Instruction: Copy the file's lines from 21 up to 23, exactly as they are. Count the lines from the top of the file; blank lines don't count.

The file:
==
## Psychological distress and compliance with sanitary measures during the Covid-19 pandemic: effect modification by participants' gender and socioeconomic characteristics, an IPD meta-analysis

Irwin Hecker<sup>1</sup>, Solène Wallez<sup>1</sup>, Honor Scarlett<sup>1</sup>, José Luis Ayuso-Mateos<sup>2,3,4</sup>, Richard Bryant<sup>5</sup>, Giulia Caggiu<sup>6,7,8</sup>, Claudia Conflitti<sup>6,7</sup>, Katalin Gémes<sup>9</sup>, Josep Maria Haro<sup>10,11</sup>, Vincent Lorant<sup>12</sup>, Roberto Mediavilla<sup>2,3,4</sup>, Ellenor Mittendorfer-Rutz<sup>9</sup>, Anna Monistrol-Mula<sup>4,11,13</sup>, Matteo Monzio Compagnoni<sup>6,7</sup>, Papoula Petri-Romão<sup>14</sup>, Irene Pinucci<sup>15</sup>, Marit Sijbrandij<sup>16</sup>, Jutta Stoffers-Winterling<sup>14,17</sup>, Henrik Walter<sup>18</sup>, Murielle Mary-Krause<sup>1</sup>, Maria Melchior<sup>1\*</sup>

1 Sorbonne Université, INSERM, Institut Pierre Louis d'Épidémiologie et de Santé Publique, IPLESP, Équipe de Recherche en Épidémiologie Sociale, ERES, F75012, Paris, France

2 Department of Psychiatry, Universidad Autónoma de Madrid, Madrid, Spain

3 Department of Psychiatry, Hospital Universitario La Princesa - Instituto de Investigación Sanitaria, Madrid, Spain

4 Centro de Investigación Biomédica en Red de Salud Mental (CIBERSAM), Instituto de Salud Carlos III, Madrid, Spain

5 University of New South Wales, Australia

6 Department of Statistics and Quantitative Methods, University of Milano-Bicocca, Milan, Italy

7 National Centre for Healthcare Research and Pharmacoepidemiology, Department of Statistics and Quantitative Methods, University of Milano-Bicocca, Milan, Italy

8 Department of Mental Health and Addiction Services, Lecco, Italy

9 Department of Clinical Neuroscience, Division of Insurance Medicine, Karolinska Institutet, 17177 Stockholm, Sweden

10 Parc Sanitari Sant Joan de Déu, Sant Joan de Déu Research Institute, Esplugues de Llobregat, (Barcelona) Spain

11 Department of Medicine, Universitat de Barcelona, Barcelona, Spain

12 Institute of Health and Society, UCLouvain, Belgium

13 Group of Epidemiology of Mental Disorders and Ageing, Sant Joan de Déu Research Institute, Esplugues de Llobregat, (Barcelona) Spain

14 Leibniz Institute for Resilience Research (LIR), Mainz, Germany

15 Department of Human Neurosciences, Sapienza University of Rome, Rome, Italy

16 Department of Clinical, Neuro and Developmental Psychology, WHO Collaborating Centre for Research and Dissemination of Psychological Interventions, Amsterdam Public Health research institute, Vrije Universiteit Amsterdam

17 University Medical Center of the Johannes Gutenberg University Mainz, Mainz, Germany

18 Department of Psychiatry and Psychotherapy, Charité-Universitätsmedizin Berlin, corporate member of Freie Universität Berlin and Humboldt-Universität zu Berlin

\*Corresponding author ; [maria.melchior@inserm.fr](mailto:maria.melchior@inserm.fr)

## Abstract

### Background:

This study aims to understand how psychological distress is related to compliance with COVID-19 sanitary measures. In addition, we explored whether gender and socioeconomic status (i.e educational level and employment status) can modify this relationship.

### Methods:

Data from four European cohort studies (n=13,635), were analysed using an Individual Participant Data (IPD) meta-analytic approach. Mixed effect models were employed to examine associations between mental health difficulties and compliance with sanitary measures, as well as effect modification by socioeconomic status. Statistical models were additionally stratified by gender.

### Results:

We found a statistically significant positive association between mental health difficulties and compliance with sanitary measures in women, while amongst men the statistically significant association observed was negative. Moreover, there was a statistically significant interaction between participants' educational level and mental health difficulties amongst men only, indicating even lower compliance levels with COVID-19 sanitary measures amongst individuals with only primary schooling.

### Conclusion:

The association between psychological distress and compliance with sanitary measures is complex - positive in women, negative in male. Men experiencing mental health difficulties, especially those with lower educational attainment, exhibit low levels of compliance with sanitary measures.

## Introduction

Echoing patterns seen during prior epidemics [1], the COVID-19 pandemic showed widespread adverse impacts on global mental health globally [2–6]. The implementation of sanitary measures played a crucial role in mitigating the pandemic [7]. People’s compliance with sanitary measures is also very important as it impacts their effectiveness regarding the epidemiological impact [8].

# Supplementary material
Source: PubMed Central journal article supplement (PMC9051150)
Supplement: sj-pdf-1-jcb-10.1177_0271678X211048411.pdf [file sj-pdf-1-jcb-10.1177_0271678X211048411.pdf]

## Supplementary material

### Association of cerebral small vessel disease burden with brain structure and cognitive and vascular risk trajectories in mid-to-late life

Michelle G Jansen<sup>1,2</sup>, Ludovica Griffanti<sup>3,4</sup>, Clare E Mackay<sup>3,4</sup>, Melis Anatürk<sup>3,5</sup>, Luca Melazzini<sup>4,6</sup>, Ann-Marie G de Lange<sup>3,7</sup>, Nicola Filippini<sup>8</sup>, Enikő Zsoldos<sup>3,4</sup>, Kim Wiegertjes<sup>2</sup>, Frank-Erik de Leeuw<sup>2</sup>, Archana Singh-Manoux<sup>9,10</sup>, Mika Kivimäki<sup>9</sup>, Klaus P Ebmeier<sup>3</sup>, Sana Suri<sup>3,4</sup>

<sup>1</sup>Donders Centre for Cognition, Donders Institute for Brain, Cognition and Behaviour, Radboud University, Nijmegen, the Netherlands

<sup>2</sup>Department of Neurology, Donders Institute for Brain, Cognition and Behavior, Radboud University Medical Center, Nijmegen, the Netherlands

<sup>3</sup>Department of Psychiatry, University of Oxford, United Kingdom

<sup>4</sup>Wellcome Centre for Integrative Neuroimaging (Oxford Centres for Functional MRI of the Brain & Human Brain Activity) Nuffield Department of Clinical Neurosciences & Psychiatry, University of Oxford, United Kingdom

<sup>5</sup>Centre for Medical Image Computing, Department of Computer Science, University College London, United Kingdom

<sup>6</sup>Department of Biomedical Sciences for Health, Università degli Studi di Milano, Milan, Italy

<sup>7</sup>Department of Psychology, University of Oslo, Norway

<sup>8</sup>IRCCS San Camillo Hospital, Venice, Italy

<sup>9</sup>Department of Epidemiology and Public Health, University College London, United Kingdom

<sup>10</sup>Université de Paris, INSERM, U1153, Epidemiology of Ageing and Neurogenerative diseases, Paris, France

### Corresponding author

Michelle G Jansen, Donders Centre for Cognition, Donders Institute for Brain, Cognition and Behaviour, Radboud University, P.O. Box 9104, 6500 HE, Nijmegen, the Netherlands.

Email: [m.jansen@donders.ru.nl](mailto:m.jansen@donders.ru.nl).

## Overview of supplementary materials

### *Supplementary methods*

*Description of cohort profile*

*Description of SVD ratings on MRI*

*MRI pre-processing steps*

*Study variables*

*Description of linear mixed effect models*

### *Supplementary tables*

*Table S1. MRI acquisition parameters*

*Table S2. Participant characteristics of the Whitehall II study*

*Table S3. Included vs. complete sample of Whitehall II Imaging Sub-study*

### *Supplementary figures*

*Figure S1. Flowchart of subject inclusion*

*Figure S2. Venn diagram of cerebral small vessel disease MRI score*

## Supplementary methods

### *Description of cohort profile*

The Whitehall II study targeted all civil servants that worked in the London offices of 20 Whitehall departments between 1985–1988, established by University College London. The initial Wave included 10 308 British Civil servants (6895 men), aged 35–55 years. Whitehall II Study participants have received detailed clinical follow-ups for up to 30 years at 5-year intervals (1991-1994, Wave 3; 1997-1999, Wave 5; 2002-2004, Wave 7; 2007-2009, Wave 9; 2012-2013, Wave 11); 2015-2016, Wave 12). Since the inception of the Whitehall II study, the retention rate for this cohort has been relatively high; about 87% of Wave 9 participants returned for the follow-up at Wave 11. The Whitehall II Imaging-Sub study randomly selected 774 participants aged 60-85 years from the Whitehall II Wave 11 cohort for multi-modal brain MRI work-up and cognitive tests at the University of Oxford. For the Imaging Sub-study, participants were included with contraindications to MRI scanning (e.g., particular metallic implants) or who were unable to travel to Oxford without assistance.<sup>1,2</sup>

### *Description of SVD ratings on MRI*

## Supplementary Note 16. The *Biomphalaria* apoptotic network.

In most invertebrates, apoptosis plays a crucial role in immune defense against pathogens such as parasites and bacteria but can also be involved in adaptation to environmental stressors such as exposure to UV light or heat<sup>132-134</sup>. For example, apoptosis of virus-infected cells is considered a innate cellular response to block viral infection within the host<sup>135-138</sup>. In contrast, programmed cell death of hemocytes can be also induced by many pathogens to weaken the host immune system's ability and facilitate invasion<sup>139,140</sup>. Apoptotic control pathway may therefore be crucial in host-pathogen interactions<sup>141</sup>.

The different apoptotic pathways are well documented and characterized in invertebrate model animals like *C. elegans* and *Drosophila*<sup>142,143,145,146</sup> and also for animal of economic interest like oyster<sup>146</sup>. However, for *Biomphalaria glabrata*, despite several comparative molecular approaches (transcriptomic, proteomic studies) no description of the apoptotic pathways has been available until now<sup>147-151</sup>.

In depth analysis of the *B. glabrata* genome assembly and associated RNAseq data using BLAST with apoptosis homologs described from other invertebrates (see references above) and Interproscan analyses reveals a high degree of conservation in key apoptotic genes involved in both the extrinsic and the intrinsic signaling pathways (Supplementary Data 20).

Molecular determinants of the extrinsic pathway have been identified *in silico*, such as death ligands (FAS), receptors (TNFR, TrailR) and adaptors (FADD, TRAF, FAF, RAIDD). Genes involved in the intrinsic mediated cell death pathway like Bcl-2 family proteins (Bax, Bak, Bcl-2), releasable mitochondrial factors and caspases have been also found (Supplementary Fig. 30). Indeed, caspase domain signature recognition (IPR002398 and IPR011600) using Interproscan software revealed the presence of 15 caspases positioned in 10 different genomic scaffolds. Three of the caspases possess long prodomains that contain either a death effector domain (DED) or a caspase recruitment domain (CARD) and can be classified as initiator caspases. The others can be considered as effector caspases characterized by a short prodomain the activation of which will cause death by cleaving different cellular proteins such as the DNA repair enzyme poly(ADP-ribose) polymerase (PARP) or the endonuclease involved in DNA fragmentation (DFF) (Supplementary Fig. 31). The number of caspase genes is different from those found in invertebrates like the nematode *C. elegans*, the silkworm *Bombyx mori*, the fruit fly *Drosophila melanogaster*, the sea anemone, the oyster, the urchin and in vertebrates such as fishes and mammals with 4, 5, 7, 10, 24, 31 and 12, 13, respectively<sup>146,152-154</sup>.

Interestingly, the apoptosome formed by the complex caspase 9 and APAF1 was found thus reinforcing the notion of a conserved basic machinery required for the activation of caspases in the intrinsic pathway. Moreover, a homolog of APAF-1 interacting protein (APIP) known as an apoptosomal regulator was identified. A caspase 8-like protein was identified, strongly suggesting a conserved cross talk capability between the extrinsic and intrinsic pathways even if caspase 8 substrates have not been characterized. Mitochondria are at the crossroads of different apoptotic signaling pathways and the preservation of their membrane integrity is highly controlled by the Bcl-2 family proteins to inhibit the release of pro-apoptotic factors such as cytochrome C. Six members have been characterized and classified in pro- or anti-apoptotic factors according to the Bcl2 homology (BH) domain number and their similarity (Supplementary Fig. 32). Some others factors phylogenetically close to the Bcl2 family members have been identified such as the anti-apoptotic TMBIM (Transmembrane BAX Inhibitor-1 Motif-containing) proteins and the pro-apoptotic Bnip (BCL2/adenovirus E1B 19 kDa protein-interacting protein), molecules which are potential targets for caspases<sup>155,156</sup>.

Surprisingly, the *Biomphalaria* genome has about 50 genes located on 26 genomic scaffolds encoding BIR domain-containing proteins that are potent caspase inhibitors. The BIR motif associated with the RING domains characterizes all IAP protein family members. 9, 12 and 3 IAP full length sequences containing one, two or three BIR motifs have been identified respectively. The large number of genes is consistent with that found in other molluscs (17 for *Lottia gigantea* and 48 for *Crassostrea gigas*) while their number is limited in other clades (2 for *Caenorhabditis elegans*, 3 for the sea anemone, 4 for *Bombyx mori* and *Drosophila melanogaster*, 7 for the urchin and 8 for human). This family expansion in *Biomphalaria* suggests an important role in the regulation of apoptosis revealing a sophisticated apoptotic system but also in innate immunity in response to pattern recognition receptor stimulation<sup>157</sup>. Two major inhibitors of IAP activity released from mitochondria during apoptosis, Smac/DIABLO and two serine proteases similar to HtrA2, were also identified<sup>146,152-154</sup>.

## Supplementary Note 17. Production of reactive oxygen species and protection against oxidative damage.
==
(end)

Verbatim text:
\*Corresponding author ; [maria.melchior@inserm.fr](mailto:maria.melchior@inserm.fr)

## Abstract

### Background: